Lord Kerr hears Leeds mooting final in Supreme Court
Lord Kerr heard the final of the Leeds Law Students Mooting Competition in Court Two of the Supreme Court on Wednesday 8 February 2012 at 5pm.
Leeds students Michael Yap, George Wills, Ashley Fairbrother and Stuart Bell went head to head in the final for the Leeds Mooting Cup after battling their way through four rounds of the competition.
Lord Kerr, one of only twelve Justices of the Supreme Court, was impressed by the four finalists’ standard of advocacy, and said: “All show startling promise as advocates in the future ... and exhibit tremendous aptitude.”
The hypothetical problem before Lord Kerr and the finalists concerned a woman’s legal claim for damages for nervous shock after seeing her husband’s injuries and condition in hospital after he had died in an explosion at the fireworks factory where he worked.
The marriage had been troubled and divorce proceedings had been instituted. On hearing of the accident at the factory, the wife had dallied, appearing unconcerned. Nevertheless, she had attended at her husband’s bedside and seemed distressed at his passing.
Case law limits the circumstances in which such damages can be claimed, and Lord Kerr listened carefully to the arguments on law and policy advanced on both sides.
He declined to overturn the decision of the Court of Appeal that the wife could recover damages, and carefully explained the dilemma the Supreme Court faces in such circumstances.
He adjudged Ashley Fairbrother to be the best mooter, and the Mooting Cup was presented to Ashley in the Supreme Court, the highest appellate court in the land.
A coach load of fellow law students had travelled to London to be present in the Supreme Court for the final. After Lord Kerr awarded the cup, students and finalists retired to a local pub on Parliament Square for a buffet to congratulate the winner and mull over the day’s proceedings.
Law Students Society’s Mooting Secretary Jake Rylatt skilfully organised the event, and it has been the highlight of a very successful mooting year in which Leeds Law students have done exceptionally well in a number of national mooting competitions.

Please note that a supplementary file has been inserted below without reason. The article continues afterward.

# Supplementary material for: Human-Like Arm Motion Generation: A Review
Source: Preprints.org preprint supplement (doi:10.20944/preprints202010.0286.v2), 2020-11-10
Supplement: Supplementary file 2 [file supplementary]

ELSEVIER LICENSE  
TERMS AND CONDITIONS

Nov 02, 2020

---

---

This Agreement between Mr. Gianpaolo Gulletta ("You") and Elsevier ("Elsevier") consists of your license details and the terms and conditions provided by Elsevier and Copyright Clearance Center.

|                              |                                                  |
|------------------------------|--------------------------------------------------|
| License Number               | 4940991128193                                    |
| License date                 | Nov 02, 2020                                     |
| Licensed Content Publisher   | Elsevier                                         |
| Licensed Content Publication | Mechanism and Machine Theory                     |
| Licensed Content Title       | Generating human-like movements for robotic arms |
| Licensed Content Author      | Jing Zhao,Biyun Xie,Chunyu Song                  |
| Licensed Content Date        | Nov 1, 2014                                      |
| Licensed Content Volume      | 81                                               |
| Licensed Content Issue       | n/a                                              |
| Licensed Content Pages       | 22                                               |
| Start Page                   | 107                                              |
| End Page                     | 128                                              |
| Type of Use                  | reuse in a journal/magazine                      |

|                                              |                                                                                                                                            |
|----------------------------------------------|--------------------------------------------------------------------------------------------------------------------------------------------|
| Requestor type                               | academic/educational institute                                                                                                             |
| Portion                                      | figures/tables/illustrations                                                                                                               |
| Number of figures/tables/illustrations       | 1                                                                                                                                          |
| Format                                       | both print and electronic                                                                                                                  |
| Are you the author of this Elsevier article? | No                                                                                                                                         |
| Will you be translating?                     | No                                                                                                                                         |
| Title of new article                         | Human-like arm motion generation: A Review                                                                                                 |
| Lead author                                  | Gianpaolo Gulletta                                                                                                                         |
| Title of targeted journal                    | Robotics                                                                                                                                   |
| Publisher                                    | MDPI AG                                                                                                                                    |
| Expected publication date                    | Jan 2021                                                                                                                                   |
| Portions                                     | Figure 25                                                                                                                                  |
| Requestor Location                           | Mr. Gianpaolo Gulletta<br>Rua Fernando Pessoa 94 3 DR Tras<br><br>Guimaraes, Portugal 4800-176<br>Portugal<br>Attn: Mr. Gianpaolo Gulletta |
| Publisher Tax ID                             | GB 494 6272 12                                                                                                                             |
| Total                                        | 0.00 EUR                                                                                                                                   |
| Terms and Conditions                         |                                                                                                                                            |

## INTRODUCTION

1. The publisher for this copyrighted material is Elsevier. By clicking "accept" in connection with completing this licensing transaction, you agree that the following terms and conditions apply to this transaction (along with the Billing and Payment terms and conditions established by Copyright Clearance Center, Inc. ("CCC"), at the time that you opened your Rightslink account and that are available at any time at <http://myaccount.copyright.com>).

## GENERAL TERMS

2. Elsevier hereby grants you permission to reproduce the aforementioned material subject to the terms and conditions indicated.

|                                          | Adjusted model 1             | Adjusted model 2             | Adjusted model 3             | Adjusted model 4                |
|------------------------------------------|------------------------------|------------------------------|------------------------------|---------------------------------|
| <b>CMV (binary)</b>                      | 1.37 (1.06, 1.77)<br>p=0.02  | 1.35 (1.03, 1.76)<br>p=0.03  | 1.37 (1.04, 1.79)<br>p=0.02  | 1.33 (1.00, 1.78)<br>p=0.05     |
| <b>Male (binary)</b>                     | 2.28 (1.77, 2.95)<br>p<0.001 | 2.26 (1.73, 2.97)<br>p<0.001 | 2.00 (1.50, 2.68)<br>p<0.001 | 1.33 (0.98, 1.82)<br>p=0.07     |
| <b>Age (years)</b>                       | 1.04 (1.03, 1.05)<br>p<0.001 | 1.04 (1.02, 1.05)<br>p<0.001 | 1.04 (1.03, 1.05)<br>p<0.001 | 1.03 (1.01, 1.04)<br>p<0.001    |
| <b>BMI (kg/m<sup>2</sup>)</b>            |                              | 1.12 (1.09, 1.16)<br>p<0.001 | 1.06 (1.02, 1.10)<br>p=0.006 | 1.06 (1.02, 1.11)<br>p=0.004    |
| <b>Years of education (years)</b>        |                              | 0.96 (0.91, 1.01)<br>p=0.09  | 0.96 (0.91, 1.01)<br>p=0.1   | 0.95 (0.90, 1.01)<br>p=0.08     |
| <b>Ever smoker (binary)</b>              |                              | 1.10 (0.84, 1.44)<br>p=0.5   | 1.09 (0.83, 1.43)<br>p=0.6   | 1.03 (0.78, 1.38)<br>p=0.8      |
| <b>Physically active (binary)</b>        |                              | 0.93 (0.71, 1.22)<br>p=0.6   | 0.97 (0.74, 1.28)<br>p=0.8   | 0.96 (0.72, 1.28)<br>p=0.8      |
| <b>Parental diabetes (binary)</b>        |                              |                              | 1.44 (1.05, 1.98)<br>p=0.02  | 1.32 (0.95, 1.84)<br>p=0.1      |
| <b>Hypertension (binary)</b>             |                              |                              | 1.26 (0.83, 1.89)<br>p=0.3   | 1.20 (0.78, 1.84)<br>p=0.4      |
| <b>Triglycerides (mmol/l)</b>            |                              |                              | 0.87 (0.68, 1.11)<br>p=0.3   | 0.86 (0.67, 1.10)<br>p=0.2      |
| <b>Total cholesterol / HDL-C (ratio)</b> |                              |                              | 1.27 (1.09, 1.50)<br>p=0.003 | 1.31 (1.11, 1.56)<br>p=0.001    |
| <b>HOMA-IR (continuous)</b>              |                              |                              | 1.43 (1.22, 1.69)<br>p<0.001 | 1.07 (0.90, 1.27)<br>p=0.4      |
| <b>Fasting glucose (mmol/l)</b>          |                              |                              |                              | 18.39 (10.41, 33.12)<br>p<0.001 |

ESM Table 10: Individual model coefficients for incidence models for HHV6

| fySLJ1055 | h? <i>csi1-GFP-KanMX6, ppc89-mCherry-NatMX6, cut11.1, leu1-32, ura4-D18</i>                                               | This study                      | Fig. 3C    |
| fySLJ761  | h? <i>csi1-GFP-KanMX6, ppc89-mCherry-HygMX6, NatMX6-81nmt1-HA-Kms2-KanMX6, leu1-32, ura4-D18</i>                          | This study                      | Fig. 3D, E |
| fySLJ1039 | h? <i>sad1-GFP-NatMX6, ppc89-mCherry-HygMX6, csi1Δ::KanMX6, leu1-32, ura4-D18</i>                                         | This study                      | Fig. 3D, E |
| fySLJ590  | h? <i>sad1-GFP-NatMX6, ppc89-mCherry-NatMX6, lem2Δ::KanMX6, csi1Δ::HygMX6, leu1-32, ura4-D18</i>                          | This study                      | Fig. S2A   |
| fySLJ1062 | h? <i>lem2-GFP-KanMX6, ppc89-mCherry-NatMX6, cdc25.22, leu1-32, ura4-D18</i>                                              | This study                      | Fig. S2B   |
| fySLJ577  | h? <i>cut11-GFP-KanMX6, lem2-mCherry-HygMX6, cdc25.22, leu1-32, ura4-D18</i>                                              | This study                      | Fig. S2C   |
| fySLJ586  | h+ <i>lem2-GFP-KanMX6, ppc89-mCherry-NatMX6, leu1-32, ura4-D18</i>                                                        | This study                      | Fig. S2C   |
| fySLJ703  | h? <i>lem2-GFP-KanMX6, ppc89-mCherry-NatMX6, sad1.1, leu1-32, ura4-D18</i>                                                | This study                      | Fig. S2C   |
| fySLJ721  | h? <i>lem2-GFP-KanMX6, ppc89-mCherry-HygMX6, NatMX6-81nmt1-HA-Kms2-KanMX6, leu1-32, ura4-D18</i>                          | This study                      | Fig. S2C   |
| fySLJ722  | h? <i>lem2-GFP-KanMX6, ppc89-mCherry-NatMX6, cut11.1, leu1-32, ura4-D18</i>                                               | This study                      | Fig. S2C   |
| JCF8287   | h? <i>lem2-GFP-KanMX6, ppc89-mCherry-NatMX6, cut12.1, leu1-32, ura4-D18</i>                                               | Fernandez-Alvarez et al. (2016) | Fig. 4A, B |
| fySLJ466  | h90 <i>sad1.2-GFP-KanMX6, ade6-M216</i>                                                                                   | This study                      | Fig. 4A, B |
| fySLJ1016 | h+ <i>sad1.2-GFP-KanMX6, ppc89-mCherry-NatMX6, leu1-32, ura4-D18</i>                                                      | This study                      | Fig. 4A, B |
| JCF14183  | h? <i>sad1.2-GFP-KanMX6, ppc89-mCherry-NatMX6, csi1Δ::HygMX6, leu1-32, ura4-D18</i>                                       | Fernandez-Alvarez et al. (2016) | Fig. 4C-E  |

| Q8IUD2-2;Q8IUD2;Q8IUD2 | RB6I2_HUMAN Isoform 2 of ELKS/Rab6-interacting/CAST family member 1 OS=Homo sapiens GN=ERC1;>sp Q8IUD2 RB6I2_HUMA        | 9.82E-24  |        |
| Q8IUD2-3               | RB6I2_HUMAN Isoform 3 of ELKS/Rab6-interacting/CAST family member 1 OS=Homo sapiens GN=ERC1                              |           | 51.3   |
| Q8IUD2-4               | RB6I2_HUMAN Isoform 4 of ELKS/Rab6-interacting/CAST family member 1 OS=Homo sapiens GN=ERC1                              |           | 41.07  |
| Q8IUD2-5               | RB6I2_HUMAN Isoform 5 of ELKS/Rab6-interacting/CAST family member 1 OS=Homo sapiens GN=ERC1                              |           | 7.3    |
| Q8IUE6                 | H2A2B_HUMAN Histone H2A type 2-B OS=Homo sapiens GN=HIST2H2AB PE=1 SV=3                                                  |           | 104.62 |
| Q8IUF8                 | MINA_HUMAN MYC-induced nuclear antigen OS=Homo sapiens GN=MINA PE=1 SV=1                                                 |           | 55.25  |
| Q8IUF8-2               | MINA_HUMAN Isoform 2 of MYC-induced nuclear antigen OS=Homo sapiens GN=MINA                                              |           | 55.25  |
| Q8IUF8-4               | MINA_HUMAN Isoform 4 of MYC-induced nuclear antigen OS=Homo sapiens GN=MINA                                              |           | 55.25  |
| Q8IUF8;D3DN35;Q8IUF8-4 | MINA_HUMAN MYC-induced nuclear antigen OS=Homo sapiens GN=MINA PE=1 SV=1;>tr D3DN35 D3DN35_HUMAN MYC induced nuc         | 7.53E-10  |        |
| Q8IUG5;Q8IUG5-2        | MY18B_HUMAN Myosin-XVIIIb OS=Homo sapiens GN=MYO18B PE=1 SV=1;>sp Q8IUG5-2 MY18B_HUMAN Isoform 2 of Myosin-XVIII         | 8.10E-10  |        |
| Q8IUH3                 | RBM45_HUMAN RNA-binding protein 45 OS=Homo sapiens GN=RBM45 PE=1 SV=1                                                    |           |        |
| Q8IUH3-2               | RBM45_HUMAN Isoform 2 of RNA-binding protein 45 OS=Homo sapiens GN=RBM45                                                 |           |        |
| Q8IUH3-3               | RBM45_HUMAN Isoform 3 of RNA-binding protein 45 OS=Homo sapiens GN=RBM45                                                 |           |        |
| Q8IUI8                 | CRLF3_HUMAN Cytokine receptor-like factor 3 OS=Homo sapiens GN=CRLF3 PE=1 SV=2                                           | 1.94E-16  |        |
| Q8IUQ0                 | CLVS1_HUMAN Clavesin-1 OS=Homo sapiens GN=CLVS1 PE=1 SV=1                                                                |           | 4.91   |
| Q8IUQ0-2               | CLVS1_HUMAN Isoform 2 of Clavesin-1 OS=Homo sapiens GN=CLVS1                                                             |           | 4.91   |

In February, a team of Leeds students mooted in the Jessup International Law Mooting Competition in London, the Essex Court National Mooting Competition in Cheltenham, the semi final of the Incorporated Council of Law Reporters National Mooting Competition at Gray’s Inn in London and a Lincoln’s Inn inter-varsity moot against Sheffield University at Lincoln’s Inn in London. The students have been supported in their mooting activities by Law School lecturer Judith Dahlgreen.
Marika Kinsey and Jane Gordois (LLB-third year) won the semi- final of the Incorporated Council of Law Reporters National Mooting Competition in Gray's Inn on 28 February 2012 in front of Lord Justice Mcfarlane and Margaret Bowron QC. Eleven students went as spectators. The final will be at the Law Society in London on 28 March 2012 against City University.
A moot is a legal argument in which difficult points of law are applied to a particular set of hypothetical facts by mooters, or legal counsel, who try to convince the judge that their understanding and application of the law is correct.
Time is strictly limited and formal legal language is used. Eloquence, persuasiveness and concision are required and, of course, a thorough and detailed knowledge of the case law which grounds and develops the law in that area. An ability to stand up to rigorous and detailed questioning is also essential.